Monday, March 30, 2009
a panel discussion on layoffs at Harvard from those they impact the most
what can we do to prevent layoffs?
Tuesday March 31st @ 5:30pm
Ticknor Lounge, Boylston Hall
Harvard Yard, Cambridge, MA
Harvard - the world's richest university - has already started laying off some of its lowest paid employees to cut costs during the financial crisis. Cutting staffing levels by 40% at some work sites.
The City of Cambridge has called on Harvard to save the jobs of its service employees that rely on their income the most.
Join us for a panel where janitors, security guards, clerical workers, and dining hall staff will speak out about the pending layoffs in their workplaces.
Layoffs are more than just percentage points on a budget, but directly impact hard-working people that are simply trying to provide for their families. Come listen to their stories and show your support for Harvard workers fighting to keep their jobs.
student.labor.action.movement // email@example.com // harvardslam.org
Friday, March 27, 2009
Some companies Harvard hires for cleaning services have announced layoffs in recent weeks, after the University asked some of those subcontractors to cut costs by 30 to 40 percent in response to projections of a 30 percent decline in Harvard's endowment by the end of this fiscal year.
Councillor Marjorie C. Decker, who sponsored the resolution, said that she would propose another order next week that would give Harvard a "mini-stimulus package" - possibly by reducing Harvard's payments in lieu of taxes to the City - to help cover the costs of reinstating the laid-off janitors and to force the University to reconsider whether the money saved by the cuts was substantial enough to justify the lost jobs. Regardless of whether Harvard accepts the "stimulus," Decker said, such a gesture of aid from the City would hopefully shame Harvard into realizing how unnecessary and immoral low-wage worker cuts are in light of its overall fiscal scheme.
Decker said that the Council's intervention was justified because laying off low-wage workers would likely burden the City and state's homeless shelters, food pantries, and low-income housing services.
University spokesman John D. Longbrake said that Harvard understands its responsibilities as a major employer and recognizes that it depends heavily on its staff to fulfill its academic mission. He added that Harvard has "taken a series of steps to minimize the impact of the global economic downturn on the people who work here" by strictly limiting hiring, freezing salaries for non-union staff and faculty, and offering a voluntary early retirement incentive plan for 1,600 workers. But since nearly half of Harvard's $3.5 billion annual operating budget comes in the form of compensation costs, Longbrake said, "it is increasingly likely that Harvard, like many of our peer institutions and foundations across the country, will have to consider further changes to the size of its workforce in order to adjust to the new fiscal reality."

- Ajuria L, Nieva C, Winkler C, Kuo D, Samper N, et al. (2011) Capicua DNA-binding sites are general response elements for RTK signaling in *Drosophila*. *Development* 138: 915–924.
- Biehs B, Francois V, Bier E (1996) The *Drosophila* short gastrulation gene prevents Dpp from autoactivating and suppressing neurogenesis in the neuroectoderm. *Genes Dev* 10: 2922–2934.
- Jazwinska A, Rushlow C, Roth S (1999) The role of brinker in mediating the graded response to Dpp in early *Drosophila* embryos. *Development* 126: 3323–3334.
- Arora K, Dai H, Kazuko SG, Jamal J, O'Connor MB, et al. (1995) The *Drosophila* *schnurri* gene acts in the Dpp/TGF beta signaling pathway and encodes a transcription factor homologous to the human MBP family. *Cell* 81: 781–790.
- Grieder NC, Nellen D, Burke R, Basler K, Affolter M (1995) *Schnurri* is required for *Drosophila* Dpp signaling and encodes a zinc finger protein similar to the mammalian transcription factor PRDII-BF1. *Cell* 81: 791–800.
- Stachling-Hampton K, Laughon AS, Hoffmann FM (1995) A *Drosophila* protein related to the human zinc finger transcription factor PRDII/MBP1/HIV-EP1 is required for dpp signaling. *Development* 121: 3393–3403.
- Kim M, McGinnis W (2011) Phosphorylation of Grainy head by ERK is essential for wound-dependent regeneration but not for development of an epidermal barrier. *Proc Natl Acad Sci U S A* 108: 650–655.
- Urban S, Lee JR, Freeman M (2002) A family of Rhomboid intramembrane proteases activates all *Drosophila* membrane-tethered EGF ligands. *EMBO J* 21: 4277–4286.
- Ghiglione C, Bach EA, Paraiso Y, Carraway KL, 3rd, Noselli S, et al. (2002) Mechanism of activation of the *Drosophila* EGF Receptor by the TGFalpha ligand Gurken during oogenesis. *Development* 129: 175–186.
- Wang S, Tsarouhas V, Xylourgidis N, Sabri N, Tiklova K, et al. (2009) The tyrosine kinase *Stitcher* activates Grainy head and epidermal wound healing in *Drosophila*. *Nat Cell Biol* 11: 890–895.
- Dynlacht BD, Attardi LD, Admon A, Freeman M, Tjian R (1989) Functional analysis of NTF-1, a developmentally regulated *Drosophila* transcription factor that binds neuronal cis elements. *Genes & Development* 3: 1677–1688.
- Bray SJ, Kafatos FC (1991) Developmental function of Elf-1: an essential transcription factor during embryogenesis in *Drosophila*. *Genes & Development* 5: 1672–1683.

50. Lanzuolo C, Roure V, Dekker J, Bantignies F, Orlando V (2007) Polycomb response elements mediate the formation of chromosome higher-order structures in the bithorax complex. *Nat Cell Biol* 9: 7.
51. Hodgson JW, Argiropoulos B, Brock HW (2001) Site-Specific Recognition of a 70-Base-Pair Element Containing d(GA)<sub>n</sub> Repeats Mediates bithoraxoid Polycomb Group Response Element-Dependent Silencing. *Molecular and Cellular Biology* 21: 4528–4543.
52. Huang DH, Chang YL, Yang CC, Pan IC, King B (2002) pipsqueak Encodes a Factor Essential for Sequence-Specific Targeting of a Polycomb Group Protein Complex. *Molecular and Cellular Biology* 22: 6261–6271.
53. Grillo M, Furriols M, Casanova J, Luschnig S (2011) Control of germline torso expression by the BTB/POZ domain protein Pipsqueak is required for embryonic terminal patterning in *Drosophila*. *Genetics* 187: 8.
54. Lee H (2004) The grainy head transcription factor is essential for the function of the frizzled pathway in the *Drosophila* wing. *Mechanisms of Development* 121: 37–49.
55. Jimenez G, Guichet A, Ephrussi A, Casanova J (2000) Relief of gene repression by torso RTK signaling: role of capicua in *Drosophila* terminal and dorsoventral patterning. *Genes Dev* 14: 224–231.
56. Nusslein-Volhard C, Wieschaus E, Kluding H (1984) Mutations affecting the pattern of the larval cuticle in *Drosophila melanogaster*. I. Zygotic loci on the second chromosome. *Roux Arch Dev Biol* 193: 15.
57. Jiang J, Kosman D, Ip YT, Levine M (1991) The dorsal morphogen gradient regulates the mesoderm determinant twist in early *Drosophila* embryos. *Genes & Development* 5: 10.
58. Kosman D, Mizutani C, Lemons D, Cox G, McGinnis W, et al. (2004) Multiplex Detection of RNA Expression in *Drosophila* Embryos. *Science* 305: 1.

But Decker said that Harvard and MIT should consider pay cuts for their highest paid employees rather than laying off low-wage workers such as janitors.
"Basically [Harvard and MIT] are saying 'we are worried about the future of our endowment, so we are going to lay off workers who make between $16,000 and $30,000 a year,'" Decker said.
Bedardo Sola, a former subcontracted janitor who worked at Harvard, said in Spanish through a translator at the meeting that he was laid off on Mar. 13 from a job he had held for five years. His unemployment has left him without health insurance, he said, and as a result, surgery to correct his wife's blindness will now cost him $5,000.
"I am here also to represent the many other workers who are under threat of layoffs, so that they never have to go through what we are going through now," said Sola, who is represented by the Service Employees International Union Local 615. Wayne M. Langley, director of SEIU's higher education division, said that his organization represents 1,500 employees at Harvard and MIT.
Other Union members employed at Boston University and MIT also spoke at the meeting to argue that even in times of economic crisis, universities should be held to a higher standard when it comes to treatment of their low-wage employees.